Two months into the Arab revolution, one very fat lady has yet to sing. But the turn of Saudi Arabia — home to one-fifth of the world’s oil reserves, and the United States’ most important remaining Arab ally — may be coming soon.
Think there’s no chance that this kingdom’s restless youth — 60 percent of the population is under 18, and 28 percent of working-age youths are unemployed — will rise in revolt? King Abdullah bin Abdul Aziz doesn’t agree with you. On Wednesday, the ruler landed in Riyadh after a three-month absence abroad for medical treatment — and for an 87-year-old with a bad back, he looked like a man in a big hurry.
Before his plane even touched down, Abdullah had ordered up $36 billion in new welfare grants for his people — about $2,000 for every Saudi. There were loans for young Saudis to buy homes, get married and start a business, and a 15 percent pay raise for government workers. Next are a prisoner release and a cabinet reshuffle.
Meanwhile, waiting among the 50 or so white-robed men on the tarmac to meet Abdullah was the man who worries him most: King Hamad bin Isa al Khalifa of the neighboring island nation of Bahrain. A week ago the Khalifa regime tried to put down the first popular uprising in an Arab emirate by force — the solution sought by Saudi Arabia. It failed, thanks in part to countervailing pressure from the United States, which keeps a fleet in Bahrain’s port.
Thousands of protesters are camped in the center of Bahrain’s capital, Manama. Their demands, from the Saudi perspective, are frightening: at the least, a constitutional monarchy that will empower the country’s repressed Shiite majority — and maybe also the deposal of the al Khalifa family, which is Sunni. Watching closely are the 2 million Shiites of Saudi Arabia’s oil-rich eastern province, who are also a disadvantaged majority in their region and who are separated from Bahrain by a 16-mile causeway.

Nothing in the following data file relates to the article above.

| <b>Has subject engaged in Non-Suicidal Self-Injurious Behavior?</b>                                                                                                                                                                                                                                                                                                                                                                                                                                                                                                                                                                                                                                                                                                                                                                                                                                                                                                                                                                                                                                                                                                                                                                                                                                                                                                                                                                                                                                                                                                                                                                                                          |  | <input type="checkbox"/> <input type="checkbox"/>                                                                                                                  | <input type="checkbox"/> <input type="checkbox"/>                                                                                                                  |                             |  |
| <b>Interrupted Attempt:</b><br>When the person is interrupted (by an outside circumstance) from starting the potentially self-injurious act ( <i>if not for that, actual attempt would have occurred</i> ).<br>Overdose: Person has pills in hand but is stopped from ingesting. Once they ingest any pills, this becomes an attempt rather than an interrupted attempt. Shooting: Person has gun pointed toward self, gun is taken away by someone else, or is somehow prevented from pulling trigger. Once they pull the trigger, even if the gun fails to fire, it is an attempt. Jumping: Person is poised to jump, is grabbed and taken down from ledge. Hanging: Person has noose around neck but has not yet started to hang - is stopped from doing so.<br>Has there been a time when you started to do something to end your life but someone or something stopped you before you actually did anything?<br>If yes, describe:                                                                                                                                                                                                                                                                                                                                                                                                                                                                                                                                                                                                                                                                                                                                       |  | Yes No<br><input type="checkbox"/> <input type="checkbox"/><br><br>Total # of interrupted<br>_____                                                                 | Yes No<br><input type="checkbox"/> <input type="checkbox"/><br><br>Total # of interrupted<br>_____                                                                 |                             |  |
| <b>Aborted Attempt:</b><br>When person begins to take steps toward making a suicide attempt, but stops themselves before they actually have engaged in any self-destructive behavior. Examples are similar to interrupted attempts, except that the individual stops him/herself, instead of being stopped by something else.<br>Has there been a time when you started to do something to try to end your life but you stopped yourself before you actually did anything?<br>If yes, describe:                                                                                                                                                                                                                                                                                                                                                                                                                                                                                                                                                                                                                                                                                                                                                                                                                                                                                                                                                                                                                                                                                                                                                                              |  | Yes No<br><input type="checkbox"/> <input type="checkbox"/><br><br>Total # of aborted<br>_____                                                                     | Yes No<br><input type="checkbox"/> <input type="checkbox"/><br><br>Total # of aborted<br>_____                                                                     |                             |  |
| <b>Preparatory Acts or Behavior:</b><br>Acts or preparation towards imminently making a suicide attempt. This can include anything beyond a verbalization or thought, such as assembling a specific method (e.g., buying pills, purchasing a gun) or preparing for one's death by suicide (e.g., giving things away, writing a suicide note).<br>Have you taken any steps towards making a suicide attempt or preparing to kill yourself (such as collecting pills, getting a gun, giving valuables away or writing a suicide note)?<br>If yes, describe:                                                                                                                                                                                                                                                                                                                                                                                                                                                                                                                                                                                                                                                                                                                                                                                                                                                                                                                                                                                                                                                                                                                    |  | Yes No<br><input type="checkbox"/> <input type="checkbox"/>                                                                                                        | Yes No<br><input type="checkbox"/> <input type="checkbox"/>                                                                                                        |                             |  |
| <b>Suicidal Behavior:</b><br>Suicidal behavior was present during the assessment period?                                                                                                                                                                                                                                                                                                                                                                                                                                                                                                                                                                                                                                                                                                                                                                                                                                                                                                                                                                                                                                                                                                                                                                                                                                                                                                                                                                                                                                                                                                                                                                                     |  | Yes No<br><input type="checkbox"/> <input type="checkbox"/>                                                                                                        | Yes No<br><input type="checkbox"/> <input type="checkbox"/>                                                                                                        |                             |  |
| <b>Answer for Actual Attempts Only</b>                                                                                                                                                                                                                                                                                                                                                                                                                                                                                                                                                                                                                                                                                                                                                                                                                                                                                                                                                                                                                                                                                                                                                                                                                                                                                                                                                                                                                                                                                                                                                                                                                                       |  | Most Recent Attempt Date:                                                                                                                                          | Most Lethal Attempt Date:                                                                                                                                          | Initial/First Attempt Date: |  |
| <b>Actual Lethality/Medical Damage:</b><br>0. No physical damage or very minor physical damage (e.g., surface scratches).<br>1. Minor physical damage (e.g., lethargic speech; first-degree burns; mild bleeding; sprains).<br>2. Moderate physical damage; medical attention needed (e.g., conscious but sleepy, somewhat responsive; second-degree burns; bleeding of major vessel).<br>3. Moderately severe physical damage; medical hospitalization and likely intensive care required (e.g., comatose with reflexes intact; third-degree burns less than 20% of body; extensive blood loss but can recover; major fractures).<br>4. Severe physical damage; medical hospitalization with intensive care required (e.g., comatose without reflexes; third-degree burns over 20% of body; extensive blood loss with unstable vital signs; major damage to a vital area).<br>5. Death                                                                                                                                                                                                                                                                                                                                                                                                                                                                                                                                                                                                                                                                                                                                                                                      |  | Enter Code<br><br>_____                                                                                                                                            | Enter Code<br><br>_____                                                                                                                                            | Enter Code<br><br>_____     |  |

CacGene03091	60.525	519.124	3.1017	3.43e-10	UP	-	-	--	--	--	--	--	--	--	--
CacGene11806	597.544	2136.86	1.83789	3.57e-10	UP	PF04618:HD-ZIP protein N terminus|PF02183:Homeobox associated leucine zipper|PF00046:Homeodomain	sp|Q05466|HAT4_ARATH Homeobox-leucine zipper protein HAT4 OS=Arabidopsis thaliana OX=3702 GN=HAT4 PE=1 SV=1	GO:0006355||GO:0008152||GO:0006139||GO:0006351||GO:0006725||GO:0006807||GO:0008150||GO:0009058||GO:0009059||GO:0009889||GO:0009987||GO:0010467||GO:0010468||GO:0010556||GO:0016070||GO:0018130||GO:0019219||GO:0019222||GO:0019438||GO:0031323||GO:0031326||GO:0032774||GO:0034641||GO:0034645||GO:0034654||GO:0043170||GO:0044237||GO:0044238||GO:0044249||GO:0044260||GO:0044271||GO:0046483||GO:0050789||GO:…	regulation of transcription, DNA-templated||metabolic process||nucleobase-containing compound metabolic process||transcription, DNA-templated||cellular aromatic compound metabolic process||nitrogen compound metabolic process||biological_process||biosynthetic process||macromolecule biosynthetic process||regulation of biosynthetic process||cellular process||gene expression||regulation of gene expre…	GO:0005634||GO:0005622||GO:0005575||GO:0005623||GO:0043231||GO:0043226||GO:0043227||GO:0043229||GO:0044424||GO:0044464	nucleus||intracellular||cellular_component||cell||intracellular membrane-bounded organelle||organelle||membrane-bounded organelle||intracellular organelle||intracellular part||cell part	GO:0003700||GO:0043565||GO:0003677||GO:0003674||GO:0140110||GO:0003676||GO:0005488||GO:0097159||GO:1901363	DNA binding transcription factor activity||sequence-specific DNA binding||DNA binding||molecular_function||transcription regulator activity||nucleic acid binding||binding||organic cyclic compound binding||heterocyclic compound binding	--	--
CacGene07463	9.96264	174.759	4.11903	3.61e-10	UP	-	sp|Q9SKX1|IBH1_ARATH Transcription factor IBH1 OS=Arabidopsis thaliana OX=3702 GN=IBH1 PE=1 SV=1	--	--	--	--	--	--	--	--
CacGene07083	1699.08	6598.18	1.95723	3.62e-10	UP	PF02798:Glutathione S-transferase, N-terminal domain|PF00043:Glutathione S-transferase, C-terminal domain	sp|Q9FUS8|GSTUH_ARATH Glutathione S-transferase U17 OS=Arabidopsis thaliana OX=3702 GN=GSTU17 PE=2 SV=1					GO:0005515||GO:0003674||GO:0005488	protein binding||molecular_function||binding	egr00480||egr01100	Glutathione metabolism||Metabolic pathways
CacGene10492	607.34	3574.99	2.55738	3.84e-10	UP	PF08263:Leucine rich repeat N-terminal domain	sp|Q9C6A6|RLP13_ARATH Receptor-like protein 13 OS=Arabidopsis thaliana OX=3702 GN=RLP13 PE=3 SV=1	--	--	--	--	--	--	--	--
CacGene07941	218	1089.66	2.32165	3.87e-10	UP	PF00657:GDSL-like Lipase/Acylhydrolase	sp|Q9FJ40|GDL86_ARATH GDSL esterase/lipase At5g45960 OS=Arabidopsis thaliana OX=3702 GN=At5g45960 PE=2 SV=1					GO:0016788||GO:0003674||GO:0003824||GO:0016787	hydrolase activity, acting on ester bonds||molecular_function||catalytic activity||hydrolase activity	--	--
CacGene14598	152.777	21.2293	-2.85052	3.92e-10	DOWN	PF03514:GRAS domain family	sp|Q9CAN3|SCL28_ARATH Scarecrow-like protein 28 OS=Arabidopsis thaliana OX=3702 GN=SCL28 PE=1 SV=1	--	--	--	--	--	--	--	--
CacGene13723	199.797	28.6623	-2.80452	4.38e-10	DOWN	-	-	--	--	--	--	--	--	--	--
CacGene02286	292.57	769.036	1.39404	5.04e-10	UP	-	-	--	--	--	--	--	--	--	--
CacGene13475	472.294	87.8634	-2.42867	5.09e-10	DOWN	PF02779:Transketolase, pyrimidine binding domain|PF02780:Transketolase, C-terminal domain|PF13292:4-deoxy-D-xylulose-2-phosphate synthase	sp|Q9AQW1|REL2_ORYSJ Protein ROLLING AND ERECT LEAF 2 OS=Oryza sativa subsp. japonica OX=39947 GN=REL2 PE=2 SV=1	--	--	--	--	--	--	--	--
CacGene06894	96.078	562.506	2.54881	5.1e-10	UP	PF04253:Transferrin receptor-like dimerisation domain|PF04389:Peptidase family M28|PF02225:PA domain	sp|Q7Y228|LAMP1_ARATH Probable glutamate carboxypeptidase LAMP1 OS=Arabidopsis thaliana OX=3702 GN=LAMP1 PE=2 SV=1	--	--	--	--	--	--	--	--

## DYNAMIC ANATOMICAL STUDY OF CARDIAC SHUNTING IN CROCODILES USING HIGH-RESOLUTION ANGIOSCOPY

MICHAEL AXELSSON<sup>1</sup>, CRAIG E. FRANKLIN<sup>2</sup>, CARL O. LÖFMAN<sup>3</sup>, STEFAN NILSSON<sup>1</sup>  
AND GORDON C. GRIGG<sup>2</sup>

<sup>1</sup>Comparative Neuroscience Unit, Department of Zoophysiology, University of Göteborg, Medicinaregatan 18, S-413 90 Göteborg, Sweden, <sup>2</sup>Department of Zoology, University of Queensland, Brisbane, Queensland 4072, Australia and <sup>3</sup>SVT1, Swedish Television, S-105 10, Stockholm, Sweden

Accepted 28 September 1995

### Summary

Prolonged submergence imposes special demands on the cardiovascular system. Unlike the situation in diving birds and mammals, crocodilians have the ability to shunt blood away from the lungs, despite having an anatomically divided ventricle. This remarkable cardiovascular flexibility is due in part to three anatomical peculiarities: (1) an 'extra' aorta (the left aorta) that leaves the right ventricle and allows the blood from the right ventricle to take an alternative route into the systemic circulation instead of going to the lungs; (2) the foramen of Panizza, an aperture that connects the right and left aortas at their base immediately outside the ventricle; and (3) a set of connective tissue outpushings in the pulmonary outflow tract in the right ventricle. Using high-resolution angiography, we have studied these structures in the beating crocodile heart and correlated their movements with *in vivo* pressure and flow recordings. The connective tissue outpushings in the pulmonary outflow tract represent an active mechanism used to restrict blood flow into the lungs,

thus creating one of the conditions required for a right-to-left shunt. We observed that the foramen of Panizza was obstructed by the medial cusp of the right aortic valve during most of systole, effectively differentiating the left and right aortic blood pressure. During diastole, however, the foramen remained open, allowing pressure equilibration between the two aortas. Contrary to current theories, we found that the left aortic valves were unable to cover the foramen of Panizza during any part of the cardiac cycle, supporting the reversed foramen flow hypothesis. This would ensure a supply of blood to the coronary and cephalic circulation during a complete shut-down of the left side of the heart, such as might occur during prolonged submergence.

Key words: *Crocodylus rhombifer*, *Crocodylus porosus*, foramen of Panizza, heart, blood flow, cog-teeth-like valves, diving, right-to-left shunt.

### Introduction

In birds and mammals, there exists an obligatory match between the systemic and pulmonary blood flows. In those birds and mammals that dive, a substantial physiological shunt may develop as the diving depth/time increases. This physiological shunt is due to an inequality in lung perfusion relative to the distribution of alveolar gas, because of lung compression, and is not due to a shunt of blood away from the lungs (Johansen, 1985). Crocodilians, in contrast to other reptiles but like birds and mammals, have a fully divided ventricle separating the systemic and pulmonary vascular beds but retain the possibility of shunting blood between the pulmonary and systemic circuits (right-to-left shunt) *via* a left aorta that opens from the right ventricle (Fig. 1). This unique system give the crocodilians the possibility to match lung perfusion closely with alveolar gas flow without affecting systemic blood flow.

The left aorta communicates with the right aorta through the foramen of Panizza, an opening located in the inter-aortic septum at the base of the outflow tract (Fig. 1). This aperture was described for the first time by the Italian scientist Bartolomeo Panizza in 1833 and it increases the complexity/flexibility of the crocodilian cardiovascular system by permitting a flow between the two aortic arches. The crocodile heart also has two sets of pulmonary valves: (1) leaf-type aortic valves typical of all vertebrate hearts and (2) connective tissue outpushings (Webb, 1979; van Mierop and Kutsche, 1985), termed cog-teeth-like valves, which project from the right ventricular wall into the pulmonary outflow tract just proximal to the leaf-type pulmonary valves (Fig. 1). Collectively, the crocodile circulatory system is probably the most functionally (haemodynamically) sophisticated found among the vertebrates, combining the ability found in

King Hamad probably has broken some bad news to King Abdullah: I no longer have the option of ending this by force. It won’t work — and the Americans won’t let me. That leaves the Saudi ruler with a couple of hard choices. He can order Saudi forces through the causeway to put down the Bahraini Shiites, in what would be an Arab version of the Soviet invasion of Czechoslovakia. Or he can let the al-Khalifas bargain away their power, while hoping that the democratic infection doesn’t spread.
The invasion is a real possibility: Saudi troops helped put down a Shiite rebellion in Bahrain in the 1990s. Earlier this week, the Saudi Council of Ministers issued a Brezhnev-like declaration: “The kingdom will stand by the sisterly state of Bahrain with all its capabilities.” A lot of experts in Washington are convinced that the Saudis won’t hesitate to act if the Bahraini regime appears in jeopardy.
But invasion could bring Saudi Arabia directly into conflict with the Obama administration, which is backing the reform route in Bahrain. It could even cause a historic rift in the 65-year-old alliance. At the least, a $60 billion arms sales package just agreed to between Washington and Riyadh would be in danger.
Abdullah has no love for Obama; he spurned the U.S. president’s request for help in the Arab-Israeli peace process and fumed at Obama’s turn against Egyptian strongman Hosni Mubarak. According to the New York Times, the last of their two phone calls during the Egyptian crisis “ended in sharp disagreement.”
Still, I’m betting that Abdullah would rather be a Gorbachev than a Brezhnev. Rather than invade, he’s more likely to embrace the strategy of trying to get ahead of the Arab wave of change before it is too late.
That’s because Abdullah has started down this path before. After the attacks of Sept. 11, 2001, in which 15 Saudis participated, the then-crown prince began to cautiously plan a liberalization of his economic and political system. One of his closest counselors was a 40-ish Georgetown graduate named Adel al Jubeir — who, since 2007, has been the Saudi ambassador to Washington.
In a 2003 interview, Jubeir outlined to me an expansive political reform agenda: first, elections in professional organizations of journalists and doctors, as well as universities; then municipalities. Last would come an election to the quasi-parliamentary shura council, which Abdullah now appoints. “If we move deliberately and we do all the right steps, I don’t see why we can’t have a society with the rule of law and civil liberties and elections,” Jubeir said.
The municipal elections were duly held in 2005; in 2009, when another vote was due, they were canceled. Abdullah’s reforms, undertaken in large part because of pressure from the Bush administration, stalled. But Jubeir is still around — in fact, the king just extended his term in Washington. Is the fat lady finally ready to sing? We’ll soon find out.